To test the antitumor effects of compounds screened in this study, we purchased one of the two compounds, ZINC000003938642, for further in vitro experiments, aiming to evaluate the effects on OS cells. To assess the proliferation ability of OS cells in the presence of drug ZINC000003938642, the survival of cells after drug treatment was calculated by CCK-8, and growing ability of OS cells was assessed by CFA. The OS cells were treated with different concentrations of drug for 24 h (0, 5, 10, 20, 40, 80, 160, 320, 540 μmol/L). Results indicated that the cellular viability of both HOS and MG-63 cells were declined with the increase of drug concentration (Figures 7A, B). Subsequently, to validate the toxicity of drug to liver cells, LO2 cell line was conducted and measured by CCK-8. Results revealed that drug ZINC000003938642 did not inhibit the proliferation of human normal liver cells in a dose-dependent manner and time-dependent manner, which still had a high cellular viability even when subjected to the highest dose (Figure 7C).

FIGURE 7
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Figure 7 (A, B) Cellular viability of osteosarcoma (OS) cell lines (HOS and MG-63) and (C) human liver cell line (LO2) treated with different doses of drug ZINC000003938642. (D) Clonogenicities in Petri dishes with different doses of drug. (E, F) Numbers of clone formation in HOS and MG-63 cell lines. *P < 0.05; **P < 0.01; ***P < 0.0001; ns, none significance.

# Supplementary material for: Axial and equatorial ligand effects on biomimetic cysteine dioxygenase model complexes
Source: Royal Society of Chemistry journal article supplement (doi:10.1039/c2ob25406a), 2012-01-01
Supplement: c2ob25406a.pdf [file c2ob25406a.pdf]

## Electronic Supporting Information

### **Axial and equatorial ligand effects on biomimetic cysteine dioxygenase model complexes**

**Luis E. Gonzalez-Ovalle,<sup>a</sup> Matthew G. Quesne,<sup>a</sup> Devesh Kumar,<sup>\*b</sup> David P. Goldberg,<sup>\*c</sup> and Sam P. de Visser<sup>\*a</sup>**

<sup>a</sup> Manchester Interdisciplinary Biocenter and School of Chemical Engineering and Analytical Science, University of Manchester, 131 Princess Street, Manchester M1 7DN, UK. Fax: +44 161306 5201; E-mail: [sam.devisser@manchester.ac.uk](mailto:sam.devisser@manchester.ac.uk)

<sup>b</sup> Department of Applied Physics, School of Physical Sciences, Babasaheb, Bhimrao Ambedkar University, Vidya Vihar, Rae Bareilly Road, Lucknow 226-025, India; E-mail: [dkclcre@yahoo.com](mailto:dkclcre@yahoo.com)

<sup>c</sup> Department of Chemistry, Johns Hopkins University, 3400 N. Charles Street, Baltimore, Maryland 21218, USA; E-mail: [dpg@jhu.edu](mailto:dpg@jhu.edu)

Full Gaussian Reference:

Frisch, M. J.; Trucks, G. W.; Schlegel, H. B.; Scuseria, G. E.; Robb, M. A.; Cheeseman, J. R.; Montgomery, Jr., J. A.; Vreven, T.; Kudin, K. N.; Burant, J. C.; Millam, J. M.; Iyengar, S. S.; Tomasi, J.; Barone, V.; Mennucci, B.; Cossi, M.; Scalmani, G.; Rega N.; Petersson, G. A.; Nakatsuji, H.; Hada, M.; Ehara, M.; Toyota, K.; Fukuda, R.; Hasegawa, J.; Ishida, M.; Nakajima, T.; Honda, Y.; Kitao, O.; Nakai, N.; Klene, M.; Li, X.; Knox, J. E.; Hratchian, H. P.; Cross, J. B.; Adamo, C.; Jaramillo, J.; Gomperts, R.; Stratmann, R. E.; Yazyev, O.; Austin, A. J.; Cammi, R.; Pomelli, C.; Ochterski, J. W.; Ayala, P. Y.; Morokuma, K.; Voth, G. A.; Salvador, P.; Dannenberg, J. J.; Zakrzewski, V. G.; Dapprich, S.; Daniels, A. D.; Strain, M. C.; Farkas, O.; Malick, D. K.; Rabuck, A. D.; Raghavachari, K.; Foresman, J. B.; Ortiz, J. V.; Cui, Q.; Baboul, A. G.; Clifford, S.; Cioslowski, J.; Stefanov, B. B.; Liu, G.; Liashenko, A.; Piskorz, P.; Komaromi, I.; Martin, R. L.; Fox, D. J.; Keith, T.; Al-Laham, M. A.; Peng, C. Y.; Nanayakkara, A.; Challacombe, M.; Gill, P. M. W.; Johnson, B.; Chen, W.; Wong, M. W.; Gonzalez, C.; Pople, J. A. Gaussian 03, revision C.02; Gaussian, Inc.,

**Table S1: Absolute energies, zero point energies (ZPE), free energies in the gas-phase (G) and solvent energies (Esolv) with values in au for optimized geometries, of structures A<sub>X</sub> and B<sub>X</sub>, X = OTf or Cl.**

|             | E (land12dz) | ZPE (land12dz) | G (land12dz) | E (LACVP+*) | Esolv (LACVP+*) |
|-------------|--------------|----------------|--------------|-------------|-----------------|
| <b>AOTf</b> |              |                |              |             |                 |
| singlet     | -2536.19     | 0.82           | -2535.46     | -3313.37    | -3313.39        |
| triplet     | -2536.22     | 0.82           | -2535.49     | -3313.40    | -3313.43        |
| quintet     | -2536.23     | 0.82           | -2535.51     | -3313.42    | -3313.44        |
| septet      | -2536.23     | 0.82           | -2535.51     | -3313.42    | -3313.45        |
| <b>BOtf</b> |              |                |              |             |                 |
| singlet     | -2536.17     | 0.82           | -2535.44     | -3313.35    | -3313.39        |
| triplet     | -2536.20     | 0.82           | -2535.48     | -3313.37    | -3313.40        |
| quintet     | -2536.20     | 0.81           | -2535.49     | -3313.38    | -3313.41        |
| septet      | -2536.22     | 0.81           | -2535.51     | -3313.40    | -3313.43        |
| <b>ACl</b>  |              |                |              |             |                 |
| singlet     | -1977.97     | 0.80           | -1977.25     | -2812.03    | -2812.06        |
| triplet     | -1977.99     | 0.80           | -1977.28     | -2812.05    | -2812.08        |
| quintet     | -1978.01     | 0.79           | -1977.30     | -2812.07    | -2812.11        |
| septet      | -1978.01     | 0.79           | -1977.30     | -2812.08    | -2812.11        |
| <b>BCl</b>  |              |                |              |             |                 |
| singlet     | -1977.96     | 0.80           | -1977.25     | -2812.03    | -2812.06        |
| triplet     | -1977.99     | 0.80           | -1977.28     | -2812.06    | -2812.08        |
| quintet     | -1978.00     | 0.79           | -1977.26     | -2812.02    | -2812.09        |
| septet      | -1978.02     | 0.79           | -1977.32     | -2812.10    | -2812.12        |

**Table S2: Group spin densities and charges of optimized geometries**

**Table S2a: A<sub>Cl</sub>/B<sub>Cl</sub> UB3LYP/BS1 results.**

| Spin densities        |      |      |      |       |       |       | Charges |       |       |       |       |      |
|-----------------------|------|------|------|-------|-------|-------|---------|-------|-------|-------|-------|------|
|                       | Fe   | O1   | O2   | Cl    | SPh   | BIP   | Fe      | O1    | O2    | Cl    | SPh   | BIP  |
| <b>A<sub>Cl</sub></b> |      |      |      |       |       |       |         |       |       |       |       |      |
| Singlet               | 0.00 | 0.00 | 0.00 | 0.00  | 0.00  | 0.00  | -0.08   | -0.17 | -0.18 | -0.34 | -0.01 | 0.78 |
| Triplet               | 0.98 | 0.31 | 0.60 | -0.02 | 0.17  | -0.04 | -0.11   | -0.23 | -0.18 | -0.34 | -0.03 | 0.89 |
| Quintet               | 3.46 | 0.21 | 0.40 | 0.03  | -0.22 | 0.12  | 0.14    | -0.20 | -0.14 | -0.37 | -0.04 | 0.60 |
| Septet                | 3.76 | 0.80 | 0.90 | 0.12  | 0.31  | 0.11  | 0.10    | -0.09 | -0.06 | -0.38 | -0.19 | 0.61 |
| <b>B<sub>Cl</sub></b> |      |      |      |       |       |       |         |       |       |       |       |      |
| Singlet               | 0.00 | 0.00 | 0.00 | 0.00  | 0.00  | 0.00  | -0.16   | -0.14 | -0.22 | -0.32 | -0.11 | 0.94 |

We then performed CFA to further determine the antitumor effects of drug in OS cells. As shown in Figure 7D, after 10 days of cultivation with different drug concentrations (100 and 250 μmol/L), both HOS and MG-63 cells showed fewer and smaller clonogenicities in Petri dishes with drug group than with the control group. The numbers of clone formation in drug groups were significantly lower than those in control groups (P < 0.05) (Figures 7E, F).

ZINC000003938642 Inhibited Migration of Osteosarcoma Cells

To analyze the effects of drug ZINC000003938642 on OS cell migration, scratch assay was further performed. The width of scratched areas was measured at 0, 6, 12, and 24 h of scratch, and the scratch width represented the migration capacity of OS cells (Figures 8A, D). As shown in Figures 8B, C, results exposed that with the extension of time and increase of drug concentration, the migration rate of OS cells to the scratch area decreased significantly (P < 0.05).

FIGURE 8
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Figure 8 (A) Scratch assay of HOS cell line in control and different drug groups at 0, 6, 12, 24 h. (B) Percentage of wound closure of HOS cell line in control and different drug groups at 0, 6, 12, and 24 h. (C) Scratch assay of MG-63 cell line in control and different drug groups at 0, 6, 12, and 24 h. (D) Percentage of wound closure of MG-63 cell line in control and different drug groups at 0, 6, 12, and 24 h. *P < 0.05; **P < 0.01; ***P < 0.0001; ns, none significance.

ZINC000003938642 Induced Apoptosis in Osteosarcoma Cells